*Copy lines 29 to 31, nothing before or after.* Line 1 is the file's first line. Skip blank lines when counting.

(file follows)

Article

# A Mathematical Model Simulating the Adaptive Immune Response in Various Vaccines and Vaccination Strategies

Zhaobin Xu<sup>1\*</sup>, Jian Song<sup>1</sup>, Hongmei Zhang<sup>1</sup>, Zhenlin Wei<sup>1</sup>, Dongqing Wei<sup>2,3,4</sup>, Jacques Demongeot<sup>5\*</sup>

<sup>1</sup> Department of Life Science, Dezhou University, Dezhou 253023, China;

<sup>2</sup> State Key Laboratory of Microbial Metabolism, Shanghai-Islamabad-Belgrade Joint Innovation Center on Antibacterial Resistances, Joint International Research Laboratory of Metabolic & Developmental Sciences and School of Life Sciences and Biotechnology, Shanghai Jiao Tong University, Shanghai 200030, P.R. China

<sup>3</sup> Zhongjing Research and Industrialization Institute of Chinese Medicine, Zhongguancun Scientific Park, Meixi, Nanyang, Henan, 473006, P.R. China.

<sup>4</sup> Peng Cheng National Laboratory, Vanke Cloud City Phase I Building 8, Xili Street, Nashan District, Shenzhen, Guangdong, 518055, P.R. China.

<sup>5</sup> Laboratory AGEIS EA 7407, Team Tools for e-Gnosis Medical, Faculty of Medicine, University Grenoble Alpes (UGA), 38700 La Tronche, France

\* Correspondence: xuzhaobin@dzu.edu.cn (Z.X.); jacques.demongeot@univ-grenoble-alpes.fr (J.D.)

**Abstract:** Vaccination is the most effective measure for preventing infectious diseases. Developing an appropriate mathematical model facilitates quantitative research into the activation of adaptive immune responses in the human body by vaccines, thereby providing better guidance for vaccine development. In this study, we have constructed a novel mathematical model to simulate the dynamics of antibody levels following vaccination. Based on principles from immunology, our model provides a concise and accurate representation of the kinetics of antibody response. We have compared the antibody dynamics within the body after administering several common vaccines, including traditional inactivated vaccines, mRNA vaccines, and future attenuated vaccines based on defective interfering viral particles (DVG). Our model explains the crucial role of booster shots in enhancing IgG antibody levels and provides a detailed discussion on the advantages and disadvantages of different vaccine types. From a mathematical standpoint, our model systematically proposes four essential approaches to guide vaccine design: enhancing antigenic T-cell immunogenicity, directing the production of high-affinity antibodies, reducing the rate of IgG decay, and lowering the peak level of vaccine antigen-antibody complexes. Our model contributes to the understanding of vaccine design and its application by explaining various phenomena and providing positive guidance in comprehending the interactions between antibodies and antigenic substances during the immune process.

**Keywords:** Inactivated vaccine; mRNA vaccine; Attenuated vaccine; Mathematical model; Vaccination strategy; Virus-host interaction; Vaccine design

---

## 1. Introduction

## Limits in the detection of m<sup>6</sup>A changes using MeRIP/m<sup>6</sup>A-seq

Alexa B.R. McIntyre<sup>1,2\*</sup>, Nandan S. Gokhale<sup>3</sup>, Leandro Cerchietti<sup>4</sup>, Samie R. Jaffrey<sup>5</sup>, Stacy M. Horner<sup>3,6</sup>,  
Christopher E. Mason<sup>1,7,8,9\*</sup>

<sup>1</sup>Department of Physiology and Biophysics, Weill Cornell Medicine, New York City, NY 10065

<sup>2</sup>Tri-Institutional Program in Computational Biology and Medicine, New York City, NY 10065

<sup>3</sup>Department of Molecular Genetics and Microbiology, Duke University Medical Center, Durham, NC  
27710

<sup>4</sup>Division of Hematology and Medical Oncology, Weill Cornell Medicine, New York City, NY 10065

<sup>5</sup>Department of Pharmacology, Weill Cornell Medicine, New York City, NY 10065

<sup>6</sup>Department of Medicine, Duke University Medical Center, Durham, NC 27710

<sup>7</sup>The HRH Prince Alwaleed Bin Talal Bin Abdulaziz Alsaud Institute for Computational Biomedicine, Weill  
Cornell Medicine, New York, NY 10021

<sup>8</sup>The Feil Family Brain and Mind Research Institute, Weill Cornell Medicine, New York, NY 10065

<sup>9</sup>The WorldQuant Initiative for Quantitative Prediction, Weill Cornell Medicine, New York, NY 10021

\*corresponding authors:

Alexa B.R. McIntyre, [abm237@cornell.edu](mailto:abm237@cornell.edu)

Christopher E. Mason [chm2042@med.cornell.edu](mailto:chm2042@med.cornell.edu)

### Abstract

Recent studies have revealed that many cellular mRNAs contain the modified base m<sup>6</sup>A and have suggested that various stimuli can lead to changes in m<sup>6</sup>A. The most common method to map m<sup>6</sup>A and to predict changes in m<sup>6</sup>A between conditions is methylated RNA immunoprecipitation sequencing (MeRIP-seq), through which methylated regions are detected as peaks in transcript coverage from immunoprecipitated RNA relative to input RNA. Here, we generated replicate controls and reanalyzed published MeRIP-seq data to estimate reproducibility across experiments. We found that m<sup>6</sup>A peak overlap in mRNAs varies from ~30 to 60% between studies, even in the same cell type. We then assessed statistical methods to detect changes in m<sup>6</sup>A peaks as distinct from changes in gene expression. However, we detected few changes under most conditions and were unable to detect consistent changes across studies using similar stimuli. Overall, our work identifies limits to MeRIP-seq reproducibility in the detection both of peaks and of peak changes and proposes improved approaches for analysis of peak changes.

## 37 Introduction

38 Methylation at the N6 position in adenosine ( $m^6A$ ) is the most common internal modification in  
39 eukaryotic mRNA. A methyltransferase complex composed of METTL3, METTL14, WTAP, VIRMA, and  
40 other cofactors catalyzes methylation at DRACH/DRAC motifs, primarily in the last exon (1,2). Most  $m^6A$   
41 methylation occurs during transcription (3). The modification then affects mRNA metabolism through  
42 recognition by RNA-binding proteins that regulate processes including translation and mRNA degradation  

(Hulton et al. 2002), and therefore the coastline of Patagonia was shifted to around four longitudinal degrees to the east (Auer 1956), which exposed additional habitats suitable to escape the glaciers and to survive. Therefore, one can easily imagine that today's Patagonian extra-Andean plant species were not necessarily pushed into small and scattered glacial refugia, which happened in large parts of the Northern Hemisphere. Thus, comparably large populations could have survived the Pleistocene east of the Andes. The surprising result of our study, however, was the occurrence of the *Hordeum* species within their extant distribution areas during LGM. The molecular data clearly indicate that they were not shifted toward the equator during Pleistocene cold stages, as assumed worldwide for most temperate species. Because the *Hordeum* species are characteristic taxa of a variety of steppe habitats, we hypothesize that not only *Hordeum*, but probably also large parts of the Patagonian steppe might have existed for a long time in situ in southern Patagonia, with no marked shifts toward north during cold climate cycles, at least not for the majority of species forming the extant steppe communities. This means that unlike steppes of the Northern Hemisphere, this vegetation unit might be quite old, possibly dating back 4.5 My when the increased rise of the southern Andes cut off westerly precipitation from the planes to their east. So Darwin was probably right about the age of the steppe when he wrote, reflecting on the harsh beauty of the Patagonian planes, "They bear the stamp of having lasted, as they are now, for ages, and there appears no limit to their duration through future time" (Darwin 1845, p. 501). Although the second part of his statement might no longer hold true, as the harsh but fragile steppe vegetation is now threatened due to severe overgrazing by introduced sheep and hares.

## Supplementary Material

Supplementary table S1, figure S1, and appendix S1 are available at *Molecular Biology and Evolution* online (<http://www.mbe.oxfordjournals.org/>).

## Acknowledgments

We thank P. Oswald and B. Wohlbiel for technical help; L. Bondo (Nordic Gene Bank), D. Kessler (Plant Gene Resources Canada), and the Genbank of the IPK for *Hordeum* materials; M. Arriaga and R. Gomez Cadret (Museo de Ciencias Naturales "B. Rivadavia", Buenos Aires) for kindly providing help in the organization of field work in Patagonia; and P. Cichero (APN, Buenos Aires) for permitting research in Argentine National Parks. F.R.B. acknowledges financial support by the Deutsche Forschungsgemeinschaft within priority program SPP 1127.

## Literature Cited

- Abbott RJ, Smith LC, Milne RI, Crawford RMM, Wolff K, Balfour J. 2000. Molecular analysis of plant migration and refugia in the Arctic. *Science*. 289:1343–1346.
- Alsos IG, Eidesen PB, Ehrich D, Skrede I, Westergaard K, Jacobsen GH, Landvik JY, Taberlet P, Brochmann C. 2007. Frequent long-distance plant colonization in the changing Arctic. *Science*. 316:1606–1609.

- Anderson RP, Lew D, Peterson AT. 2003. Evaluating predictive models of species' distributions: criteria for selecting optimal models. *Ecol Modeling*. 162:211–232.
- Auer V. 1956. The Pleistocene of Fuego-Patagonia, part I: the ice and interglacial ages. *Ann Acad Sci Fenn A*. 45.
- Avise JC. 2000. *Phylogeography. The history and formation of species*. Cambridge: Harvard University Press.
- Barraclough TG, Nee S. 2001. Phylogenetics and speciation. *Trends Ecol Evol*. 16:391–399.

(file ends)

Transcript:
Alexa B.R. McIntyre, [abm237@cornell.edu](mailto:abm237@cornell.edu)

Christopher E. Mason [chm2042@med.cornell.edu](mailto:chm2042@med.cornell.edu)

### Abstract